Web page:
I would not want to be the pastor of a church and tell Jesus, “Discipleship was not our thing!” I afraid Jesus would ask, “What was your thing. I can’t see anything to show for what you did.”

Growth without discipleship will ultimately be exposed for what it is—fluff.

Growth is over-rated when the pastor pays too high of a price.

Most of us are familiar with Peter Scazzero’s story at New Life Church. He talks about it freely in his many helpful books. Lack of boundaries and overwork nearly caused him to lose both his ministry and marriage.

Unfortunately, Peter’s situation is not an isolated one. How many pastors have burned out themselves and burned up their families because they wanted to see their church grow?
Here’s the problem?  A pastor’s long and crazy hours do lead to growth.

And pastors are highly competent people, who are able to juggle the competing demands of a growing church and busy family, until…

They can’t!

Then they become another statistic. Their family becomes another tragic story.

A church will never be healthy in the long run, if the pastor is not healthy today. A healthy pastor recognizes the primary ministry he has to his family. A healthy pastor honors boundaries and limits. A healthy pastor finds his identity in Christ and leaves the growth to God.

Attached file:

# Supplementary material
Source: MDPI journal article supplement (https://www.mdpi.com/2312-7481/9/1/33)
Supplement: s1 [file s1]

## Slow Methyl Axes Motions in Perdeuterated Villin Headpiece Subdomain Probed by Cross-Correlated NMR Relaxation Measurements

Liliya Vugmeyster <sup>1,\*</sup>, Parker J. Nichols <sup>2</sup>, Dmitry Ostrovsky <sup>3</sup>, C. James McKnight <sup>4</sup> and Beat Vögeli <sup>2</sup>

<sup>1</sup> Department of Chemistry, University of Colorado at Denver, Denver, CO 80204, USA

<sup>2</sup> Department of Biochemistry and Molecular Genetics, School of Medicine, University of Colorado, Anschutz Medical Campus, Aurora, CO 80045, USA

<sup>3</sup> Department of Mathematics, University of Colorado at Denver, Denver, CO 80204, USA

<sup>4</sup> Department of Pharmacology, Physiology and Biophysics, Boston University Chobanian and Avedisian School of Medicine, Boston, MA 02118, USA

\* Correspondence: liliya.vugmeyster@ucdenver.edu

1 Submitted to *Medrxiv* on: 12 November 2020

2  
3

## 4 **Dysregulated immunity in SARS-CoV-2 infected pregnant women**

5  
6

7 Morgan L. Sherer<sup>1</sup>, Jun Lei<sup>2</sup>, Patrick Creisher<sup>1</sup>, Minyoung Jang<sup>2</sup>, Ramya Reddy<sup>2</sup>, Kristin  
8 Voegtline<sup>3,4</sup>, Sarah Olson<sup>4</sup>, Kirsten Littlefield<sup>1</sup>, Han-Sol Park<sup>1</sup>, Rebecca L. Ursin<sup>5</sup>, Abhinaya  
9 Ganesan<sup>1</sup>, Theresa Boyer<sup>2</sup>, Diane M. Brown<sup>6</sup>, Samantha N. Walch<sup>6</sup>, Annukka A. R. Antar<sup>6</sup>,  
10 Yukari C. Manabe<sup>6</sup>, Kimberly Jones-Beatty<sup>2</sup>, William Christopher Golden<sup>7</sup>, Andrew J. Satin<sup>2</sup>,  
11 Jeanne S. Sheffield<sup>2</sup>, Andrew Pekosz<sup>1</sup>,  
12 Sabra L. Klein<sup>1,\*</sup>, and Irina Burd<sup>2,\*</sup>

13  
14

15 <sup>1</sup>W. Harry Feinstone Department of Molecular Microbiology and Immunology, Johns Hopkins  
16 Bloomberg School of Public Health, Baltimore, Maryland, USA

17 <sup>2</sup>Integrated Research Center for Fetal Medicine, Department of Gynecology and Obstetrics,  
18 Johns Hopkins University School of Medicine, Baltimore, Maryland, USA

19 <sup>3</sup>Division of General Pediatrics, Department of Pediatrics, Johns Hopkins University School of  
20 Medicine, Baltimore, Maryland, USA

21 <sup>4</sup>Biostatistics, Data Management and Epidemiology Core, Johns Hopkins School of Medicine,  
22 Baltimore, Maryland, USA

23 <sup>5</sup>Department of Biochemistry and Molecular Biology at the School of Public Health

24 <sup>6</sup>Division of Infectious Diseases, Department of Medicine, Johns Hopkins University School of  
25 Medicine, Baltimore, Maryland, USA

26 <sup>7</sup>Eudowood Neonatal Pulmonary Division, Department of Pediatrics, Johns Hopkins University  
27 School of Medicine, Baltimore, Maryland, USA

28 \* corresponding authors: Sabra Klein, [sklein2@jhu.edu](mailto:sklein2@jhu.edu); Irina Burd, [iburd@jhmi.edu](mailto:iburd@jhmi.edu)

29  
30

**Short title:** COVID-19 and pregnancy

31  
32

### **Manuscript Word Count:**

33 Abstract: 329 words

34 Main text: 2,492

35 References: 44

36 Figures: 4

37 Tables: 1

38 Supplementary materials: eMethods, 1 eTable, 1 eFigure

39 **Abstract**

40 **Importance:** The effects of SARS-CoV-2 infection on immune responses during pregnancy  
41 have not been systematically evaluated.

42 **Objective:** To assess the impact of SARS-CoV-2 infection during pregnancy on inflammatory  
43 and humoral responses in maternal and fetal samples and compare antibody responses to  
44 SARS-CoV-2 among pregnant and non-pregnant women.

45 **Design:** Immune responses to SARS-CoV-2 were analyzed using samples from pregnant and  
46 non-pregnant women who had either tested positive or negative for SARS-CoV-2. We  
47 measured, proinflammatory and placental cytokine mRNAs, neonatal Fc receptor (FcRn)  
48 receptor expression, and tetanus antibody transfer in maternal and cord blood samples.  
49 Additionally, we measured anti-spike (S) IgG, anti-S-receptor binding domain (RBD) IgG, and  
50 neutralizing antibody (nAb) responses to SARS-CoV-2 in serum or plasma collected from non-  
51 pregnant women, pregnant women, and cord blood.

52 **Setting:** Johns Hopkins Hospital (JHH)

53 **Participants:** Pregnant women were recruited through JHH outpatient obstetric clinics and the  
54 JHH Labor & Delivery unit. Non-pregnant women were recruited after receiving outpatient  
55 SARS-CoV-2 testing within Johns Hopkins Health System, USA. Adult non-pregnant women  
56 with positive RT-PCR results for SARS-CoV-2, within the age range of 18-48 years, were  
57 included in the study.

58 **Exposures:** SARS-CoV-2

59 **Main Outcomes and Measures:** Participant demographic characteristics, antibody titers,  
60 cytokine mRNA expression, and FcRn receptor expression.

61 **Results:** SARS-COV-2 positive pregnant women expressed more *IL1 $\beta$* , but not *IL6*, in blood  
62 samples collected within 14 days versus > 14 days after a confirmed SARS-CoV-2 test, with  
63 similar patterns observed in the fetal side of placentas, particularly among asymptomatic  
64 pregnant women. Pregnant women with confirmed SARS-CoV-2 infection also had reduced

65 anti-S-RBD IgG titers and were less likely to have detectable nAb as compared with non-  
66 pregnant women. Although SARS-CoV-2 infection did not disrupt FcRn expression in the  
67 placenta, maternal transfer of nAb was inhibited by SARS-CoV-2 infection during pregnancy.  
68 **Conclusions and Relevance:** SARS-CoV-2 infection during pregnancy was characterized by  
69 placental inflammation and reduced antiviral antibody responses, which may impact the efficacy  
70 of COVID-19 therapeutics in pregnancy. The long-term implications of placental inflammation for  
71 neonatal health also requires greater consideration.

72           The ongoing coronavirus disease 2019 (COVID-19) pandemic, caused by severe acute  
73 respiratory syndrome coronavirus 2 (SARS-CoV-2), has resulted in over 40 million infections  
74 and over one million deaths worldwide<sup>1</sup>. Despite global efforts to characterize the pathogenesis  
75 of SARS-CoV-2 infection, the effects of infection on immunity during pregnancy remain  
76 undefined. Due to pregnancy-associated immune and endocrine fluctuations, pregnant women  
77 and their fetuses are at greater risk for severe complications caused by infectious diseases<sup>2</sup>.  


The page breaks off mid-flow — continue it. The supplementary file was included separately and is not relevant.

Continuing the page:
Growth is over-rated when the pastor pays too high of a price.

Growth is over-rated when the staff is used, maybe even abused.

Because of their reputation some churches are easily able to attract staff.  Young staff feel honored to be part of these dynamic ministries. 

Unfortunately, the same church which can easily attract staff, may be tempted to easily hurt staff.  

Young staff come to the church because they love Jesus and want to be part of a dynamic ministry. But during their time at the church, they are underpaid, overworked, and never given the promotion promised to them.

These staff members help the church grow. But ultimately these staff are dispensable commodities; after all, the church has the capacity to easily attract new staff.